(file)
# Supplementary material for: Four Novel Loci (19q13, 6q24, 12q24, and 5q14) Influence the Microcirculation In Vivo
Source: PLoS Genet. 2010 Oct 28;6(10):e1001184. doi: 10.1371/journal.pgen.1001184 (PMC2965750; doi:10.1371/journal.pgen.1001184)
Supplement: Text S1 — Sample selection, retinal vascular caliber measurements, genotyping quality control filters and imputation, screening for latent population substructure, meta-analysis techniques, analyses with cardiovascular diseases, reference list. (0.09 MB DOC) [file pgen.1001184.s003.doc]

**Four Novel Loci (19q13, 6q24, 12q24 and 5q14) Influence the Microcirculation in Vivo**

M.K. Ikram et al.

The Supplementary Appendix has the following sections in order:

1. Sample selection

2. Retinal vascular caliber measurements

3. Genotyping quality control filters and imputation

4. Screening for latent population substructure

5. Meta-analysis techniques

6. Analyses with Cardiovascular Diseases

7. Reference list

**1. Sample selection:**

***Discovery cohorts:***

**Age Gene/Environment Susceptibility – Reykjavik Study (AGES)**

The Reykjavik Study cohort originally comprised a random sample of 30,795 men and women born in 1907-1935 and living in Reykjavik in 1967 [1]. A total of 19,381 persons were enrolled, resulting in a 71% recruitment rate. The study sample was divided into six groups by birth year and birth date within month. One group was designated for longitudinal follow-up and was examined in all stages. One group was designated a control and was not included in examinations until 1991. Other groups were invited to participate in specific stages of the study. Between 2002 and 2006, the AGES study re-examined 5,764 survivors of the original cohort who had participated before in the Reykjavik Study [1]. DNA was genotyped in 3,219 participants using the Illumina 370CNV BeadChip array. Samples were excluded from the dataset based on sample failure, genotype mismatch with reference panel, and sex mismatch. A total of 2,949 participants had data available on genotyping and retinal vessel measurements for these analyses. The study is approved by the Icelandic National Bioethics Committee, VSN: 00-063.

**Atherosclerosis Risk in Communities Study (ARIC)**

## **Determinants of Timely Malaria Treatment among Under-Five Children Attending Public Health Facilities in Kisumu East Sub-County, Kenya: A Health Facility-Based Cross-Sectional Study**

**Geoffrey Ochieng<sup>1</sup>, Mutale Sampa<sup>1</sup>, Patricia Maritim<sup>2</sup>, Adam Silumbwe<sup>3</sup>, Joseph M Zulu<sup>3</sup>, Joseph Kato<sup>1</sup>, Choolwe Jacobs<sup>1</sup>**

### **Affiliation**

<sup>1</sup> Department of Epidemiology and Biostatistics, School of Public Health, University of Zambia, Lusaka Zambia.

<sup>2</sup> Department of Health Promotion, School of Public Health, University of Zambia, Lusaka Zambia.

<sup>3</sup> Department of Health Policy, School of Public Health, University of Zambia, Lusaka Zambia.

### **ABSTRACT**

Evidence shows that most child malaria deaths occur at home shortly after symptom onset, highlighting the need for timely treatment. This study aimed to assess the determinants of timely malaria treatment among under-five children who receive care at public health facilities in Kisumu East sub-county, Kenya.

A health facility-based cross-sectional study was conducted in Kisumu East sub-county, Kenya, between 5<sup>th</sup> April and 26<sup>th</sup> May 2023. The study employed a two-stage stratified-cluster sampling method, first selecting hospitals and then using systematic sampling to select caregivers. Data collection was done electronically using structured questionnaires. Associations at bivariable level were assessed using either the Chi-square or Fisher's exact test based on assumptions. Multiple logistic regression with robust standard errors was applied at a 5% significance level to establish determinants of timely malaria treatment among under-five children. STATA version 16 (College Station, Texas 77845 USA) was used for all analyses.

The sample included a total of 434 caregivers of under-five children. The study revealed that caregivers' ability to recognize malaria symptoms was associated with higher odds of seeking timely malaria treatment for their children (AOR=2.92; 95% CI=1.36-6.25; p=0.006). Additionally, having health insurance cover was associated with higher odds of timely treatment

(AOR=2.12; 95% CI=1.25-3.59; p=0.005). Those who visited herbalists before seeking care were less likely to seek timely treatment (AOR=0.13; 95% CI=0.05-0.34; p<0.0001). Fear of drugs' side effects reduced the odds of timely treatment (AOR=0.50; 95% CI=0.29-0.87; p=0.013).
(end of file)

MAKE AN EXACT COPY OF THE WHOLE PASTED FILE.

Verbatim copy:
# Supplementary material for: Four Novel Loci (19q13, 6q24, 12q24, and 5q14) Influence the Microcirculation In Vivo
Source: PLoS Genet. 2010 Oct 28;6(10):e1001184. doi: 10.1371/journal.pgen.1001184 (PMC2965750; doi:10.1371/journal.pgen.1001184)
Supplement: Text S1 — Sample selection, retinal vascular caliber measurements, genotyping quality control filters and imputation, screening for latent population substructure, meta-analysis techniques, analyses with cardiovascular diseases, reference list. (0.09 MB DOC) [file pgen.1001184.s003.doc]

**Four Novel Loci (19q13, 6q24, 12q24 and 5q14) Influence the Microcirculation in Vivo**

M.K. Ikram et al.

The Supplementary Appendix has the following sections in order:

1. Sample selection

2. Retinal vascular caliber measurements

3. Genotyping quality control filters and imputation

4. Screening for latent population substructure

5. Meta-analysis techniques

6. Analyses with Cardiovascular Diseases

7. Reference list

**1. Sample selection:**

***Discovery cohorts:***

**Age Gene/Environment Susceptibility – Reykjavik Study (AGES)**

The Reykjavik Study cohort originally comprised a random sample of 30,795 men and women born in 1907-1935 and living in Reykjavik in 1967 [1]. A total of 19,381 persons were enrolled, resulting in a 71% recruitment rate. The study sample was divided into six groups by birth year and birth date within month. One group was designated for longitudinal follow-up and was examined in all stages. One group was designated a control and was not included in examinations until 1991. Other groups were invited to participate in specific stages of the study. Between 2002 and 2006, the AGES study re-examined 5,764 survivors of the original cohort who had participated before in the Reykjavik Study [1]. DNA was genotyped in 3,219 participants using the Illumina 370CNV BeadChip array. Samples were excluded from the dataset based on sample failure, genotype mismatch with reference panel, and sex mismatch. A total of 2,949 participants had data available on genotyping and retinal vessel measurements for these analyses. The study is approved by the Icelandic National Bioethics Committee, VSN: 00-063.

**Atherosclerosis Risk in Communities Study (ARIC)**

## **Determinants of Timely Malaria Treatment among Under-Five Children Attending Public Health Facilities in Kisumu East Sub-County, Kenya: A Health Facility-Based Cross-Sectional Study**

**Geoffrey Ochieng<sup>1</sup>, Mutale Sampa<sup>1</sup>, Patricia Maritim<sup>2</sup>, Adam Silumbwe<sup>3</sup>, Joseph M Zulu<sup>3</sup>, Joseph Kato<sup>1</sup>, Choolwe Jacobs<sup>1</sup>**

### **Affiliation**

<sup>1</sup> Department of Epidemiology and Biostatistics, School of Public Health, University of Zambia, Lusaka Zambia.

<sup>2</sup> Department of Health Promotion, School of Public Health, University of Zambia, Lusaka Zambia.

<sup>3</sup> Department of Health Policy, School of Public Health, University of Zambia, Lusaka Zambia.

### **ABSTRACT**

Evidence shows that most child malaria deaths occur at home shortly after symptom onset, highlighting the need for timely treatment. This study aimed to assess the determinants of timely malaria treatment among under-five children who receive care at public health facilities in Kisumu East sub-county, Kenya.

A health facility-based cross-sectional study was conducted in Kisumu East sub-county, Kenya, between 5<sup>th</sup> April and 26<sup>th</sup> May 2023. The study employed a two-stage stratified-cluster sampling method, first selecting hospitals and then using systematic sampling to select caregivers. Data collection was done electronically using structured questionnaires. Associations at bivariable level were assessed using either the Chi-square or Fisher's exact test based on assumptions. Multiple logistic regression with robust standard errors was applied at a 5% significance level to establish determinants of timely malaria treatment among under-five children. STATA version 16 (College Station, Texas 77845 USA) was used for all analyses.

The sample included a total of 434 caregivers of under-five children. The study revealed that caregivers' ability to recognize malaria symptoms was associated with higher odds of seeking timely malaria treatment for their children (AOR=2.92; 95% CI=1.36-6.25; p=0.006). Additionally, having health insurance cover was associated with higher odds of timely treatment

(AOR=2.12; 95% CI=1.25-3.59; p=0.005). Those who visited herbalists before seeking care were less likely to seek timely treatment (AOR=0.13; 95% CI=0.05-0.34; p<0.0001). Fear of drugs' side effects reduced the odds of timely treatment (AOR=0.50; 95% CI=0.29-0.87; p=0.013).